Differences in Worldviews of Christianity vs Islam – As Supplied by menj


On a cue from memories stirred by an unrelated discussion, I went back to One Piece’s Neptune – A Kingly Sacrifice: Christian and Muslim Views and re-read through the comments.

The original post aimed to illustrate the difference in worldview, philosophy and theology that leads to vast differences between Christian vs Muslim ways of thinking… To the point where we might hardly even understand one another and reach completely different conclusions about the same thing!

Here are a few excerpts that I found to poignantly demonstrate that difference (bolded emphasis added in these excerpts):

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menj

The major difference is that in Islam, man is not born with sin and he is accountable for his own deeds and misdeeds. And God is totally at liberty to decide who goes to Paradise and who doesn’t. If God were to decide that every man and woman who ever worshipped Him go to Hell instead of Paradise, that will be perfectly within His Infinite Wisdom and no human being has the right to object, ever. God is not held out to ransom simply because some half-naked dude died at the cross and was erroneously perceived to be His “son”.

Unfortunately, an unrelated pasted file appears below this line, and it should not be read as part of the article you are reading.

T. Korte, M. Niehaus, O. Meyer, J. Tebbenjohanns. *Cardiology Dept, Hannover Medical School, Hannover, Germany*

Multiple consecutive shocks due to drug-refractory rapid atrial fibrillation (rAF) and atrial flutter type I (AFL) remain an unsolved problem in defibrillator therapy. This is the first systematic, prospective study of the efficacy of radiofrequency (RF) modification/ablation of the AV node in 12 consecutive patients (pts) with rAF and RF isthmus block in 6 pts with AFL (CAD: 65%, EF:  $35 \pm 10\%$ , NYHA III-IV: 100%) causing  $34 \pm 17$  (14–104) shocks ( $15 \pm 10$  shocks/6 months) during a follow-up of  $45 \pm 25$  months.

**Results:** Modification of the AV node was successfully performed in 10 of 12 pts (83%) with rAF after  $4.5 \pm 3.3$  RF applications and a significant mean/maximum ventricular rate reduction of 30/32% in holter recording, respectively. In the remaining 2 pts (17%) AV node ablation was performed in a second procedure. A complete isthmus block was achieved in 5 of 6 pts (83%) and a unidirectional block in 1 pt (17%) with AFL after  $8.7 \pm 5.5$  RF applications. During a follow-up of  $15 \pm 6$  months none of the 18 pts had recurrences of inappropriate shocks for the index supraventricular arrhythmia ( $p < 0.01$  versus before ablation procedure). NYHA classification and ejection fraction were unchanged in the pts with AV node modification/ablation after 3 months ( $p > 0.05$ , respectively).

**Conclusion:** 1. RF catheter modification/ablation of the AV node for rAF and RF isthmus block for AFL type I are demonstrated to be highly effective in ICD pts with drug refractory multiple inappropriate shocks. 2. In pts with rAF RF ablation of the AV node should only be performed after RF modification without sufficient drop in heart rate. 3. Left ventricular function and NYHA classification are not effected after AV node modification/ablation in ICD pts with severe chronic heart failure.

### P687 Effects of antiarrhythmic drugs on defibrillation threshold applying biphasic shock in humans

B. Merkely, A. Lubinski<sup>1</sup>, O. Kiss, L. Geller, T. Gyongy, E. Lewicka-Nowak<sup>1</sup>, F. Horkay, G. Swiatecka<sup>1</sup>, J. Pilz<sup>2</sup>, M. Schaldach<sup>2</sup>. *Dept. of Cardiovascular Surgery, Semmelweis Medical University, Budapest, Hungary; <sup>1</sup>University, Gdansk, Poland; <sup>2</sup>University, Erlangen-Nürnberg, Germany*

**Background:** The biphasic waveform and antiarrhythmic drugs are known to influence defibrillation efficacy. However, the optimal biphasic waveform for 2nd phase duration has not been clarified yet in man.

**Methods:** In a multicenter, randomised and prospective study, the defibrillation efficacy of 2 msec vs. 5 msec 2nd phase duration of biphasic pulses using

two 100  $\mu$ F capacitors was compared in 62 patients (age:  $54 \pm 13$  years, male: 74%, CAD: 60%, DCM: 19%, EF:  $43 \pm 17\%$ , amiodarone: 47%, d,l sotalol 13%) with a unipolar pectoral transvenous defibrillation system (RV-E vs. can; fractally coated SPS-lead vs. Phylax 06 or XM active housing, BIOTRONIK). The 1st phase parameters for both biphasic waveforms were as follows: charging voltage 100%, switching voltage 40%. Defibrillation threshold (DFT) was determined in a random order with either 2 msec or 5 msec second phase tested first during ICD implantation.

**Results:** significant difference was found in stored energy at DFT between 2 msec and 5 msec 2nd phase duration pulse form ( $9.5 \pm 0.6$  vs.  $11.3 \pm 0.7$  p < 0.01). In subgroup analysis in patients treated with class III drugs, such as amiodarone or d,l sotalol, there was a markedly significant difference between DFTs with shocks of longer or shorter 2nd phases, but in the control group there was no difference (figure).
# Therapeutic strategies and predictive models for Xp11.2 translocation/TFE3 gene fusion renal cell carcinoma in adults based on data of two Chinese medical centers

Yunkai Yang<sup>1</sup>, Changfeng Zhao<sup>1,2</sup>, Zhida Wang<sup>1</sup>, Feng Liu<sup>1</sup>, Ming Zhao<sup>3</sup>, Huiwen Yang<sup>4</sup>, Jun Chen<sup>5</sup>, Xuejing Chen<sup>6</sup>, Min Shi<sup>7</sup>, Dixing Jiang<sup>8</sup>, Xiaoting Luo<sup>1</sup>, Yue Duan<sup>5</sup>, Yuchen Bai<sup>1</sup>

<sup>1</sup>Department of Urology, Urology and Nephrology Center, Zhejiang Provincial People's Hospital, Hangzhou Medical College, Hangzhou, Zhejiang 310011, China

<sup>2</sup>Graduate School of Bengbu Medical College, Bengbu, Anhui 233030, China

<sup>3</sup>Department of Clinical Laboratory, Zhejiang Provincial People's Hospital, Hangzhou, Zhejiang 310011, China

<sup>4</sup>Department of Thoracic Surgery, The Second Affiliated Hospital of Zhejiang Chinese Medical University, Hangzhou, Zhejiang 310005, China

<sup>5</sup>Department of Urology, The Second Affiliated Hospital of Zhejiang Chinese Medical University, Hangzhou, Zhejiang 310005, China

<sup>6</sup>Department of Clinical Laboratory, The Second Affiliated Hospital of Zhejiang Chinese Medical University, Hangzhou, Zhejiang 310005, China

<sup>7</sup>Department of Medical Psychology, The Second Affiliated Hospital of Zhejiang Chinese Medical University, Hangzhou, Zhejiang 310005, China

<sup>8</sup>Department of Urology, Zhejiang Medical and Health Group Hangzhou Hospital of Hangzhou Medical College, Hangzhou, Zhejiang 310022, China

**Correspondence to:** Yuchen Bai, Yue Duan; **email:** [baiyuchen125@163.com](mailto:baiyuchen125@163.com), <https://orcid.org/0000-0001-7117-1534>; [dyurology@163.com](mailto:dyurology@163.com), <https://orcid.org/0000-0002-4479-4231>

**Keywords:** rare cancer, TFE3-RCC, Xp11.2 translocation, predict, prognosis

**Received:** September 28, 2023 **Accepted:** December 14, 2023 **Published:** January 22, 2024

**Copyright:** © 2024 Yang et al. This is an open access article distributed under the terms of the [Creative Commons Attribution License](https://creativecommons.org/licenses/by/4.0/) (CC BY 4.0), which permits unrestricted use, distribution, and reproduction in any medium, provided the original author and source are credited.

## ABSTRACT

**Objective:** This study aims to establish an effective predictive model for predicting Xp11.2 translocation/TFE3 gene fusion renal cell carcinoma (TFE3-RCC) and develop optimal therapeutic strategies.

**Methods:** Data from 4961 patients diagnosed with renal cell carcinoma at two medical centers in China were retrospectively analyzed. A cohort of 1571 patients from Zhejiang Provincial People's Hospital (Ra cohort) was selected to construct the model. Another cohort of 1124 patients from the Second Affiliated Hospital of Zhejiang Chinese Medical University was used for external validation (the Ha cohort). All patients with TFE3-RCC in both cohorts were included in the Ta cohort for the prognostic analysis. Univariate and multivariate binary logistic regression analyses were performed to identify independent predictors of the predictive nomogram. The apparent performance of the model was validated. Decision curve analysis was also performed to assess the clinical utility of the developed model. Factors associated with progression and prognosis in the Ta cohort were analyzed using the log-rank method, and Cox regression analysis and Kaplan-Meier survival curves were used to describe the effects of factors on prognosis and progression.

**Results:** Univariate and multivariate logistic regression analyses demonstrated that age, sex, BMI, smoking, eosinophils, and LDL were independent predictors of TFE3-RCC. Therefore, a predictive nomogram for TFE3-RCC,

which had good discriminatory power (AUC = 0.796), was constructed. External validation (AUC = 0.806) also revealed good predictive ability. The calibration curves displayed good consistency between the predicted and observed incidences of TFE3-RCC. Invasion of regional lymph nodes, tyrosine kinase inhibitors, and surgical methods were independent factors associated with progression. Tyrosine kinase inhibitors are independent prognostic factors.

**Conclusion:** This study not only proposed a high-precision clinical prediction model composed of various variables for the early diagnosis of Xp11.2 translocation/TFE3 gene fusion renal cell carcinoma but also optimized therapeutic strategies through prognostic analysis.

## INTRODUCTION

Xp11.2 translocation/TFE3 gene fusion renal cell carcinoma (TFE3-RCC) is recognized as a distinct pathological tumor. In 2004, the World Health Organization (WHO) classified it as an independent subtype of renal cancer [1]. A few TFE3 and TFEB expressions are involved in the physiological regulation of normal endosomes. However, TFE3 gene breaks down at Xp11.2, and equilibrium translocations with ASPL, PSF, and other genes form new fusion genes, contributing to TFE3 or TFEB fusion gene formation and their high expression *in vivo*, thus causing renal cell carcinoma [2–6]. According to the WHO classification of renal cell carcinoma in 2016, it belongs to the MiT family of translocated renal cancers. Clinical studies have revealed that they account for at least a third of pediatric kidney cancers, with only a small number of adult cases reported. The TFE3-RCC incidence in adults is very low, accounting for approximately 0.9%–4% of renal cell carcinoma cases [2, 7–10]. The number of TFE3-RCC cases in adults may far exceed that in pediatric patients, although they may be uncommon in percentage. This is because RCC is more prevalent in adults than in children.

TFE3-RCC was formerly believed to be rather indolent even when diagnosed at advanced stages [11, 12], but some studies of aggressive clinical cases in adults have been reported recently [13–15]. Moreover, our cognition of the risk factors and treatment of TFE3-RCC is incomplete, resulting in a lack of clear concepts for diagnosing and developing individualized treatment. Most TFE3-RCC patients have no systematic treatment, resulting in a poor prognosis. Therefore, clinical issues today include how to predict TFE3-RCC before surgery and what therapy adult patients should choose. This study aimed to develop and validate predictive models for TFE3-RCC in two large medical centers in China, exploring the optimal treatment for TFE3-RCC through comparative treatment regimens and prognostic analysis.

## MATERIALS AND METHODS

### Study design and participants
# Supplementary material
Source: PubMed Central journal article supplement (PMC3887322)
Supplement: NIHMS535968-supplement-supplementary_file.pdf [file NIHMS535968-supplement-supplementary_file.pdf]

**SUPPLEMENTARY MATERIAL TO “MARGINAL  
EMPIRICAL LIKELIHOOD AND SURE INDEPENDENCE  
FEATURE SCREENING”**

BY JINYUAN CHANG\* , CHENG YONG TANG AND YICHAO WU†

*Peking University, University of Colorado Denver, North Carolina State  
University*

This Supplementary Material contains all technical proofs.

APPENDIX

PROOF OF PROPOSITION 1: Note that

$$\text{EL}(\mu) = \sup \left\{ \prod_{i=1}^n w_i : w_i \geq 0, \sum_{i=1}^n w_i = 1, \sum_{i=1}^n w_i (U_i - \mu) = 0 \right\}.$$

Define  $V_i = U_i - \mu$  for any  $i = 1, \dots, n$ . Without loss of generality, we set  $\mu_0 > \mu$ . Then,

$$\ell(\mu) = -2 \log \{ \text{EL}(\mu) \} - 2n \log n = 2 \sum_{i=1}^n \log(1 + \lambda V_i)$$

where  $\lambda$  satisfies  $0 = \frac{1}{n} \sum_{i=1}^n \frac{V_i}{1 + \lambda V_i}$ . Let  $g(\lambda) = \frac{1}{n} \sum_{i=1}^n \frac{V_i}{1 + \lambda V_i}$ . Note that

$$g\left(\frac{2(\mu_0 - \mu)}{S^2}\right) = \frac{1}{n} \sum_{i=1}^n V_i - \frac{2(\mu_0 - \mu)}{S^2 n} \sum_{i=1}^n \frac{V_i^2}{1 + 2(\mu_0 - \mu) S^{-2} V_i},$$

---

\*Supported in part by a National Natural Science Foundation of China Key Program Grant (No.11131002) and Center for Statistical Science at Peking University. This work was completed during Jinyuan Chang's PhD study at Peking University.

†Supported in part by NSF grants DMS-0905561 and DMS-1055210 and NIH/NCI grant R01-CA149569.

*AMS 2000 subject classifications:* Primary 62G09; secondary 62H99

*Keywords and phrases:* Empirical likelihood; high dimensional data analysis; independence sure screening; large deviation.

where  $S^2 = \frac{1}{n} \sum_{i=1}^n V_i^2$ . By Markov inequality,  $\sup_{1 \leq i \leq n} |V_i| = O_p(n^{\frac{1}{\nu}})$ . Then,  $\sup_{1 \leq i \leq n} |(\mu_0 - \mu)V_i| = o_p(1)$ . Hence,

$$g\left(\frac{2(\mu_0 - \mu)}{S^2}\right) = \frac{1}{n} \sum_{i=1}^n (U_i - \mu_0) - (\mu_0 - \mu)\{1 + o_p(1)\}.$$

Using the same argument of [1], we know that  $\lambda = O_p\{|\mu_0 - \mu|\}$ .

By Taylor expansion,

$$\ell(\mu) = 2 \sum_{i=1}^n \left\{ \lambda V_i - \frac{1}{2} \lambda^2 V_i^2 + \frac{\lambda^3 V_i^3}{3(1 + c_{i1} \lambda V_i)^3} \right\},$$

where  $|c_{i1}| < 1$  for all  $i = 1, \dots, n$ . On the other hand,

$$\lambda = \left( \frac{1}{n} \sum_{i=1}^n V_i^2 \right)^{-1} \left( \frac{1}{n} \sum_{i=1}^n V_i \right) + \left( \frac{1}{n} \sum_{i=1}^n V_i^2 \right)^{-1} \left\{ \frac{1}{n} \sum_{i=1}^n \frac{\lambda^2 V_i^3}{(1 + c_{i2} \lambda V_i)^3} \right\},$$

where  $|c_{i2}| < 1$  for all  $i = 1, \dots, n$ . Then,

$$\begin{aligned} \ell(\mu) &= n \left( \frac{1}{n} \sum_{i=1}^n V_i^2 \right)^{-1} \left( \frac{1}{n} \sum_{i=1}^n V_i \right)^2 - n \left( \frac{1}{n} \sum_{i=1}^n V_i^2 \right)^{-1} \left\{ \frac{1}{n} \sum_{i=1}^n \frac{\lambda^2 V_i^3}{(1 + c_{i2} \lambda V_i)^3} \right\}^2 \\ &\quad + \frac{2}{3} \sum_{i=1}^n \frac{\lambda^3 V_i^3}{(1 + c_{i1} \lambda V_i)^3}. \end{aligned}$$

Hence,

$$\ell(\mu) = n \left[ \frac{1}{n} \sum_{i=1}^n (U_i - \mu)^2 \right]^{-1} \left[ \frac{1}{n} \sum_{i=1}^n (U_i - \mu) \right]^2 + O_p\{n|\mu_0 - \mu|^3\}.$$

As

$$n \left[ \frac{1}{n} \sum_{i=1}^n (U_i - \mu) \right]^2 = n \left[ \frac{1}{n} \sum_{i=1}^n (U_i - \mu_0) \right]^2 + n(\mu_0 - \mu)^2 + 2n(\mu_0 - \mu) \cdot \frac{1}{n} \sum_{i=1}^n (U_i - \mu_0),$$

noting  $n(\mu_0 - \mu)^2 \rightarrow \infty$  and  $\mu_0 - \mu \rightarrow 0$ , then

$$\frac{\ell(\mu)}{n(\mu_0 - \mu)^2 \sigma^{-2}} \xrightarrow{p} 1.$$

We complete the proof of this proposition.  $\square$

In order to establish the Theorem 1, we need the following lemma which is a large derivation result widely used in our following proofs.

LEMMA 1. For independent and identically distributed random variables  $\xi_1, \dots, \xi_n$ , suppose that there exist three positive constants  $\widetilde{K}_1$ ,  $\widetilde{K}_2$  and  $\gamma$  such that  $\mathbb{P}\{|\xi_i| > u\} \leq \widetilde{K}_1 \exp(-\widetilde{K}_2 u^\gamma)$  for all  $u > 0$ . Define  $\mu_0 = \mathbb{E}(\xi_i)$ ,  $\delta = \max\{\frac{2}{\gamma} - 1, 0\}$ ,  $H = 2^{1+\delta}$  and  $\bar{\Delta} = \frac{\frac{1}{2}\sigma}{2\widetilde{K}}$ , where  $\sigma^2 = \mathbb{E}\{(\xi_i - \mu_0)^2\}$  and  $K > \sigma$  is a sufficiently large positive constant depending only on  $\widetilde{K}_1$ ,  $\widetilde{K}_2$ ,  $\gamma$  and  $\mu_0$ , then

And that’s another difference between Islam and Christianity….God has no kids in Islam and that does not detract from His Majesty one single iota.

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Me

Similarly, if God were to decide that anyone who believes He has a Son Who died for our sins will go to heaven – and anyone who does not believe is destined for hell – that is also within His infinite wisdom. It works both ways.

So of course God is not ‘held out to ransom’ – it is He Who suggested the swap in the first place.

And that’s another difference between Islam and Christianity….God has no kids in Islam and that does not detract from His Majesty one single iota.

Whereas in Christianity, God does have a one-and-only Son and that does not detract from His majesty – instead, it adds to it. Which is similar to the conclusion of this post in the first place.

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menj

In the Muslim mind, were such a situation similar to King Neptune’s were to arise, there would be no need for God to “jump in front of an opponent to sacrifice” Himself. In fact, He doesn’t need to do a thing to Save his servants. All it takes is kun faya kun, “Be, and it is!”

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Me

You’ve proven my illustration accurate – Hodi finds it incredulous that a king would do such a thing, just as you as a Muslim find it laughable that God would need to use the Christ to save humanity.

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menj

I would argue that we do in a certain sense find it “laughable”, but not because God in Islam is what you are implying and certainly not because God would not “bring Himself down to the level of His servants”. Its not however, the way how the manga Hodi is characterised and its certainly not the way how you have characterised it.

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Me

Hodi says such-and-such an act does not befit a king.

You say such-and-such an act does not befit an Almighty God.

Close enough to me.

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menj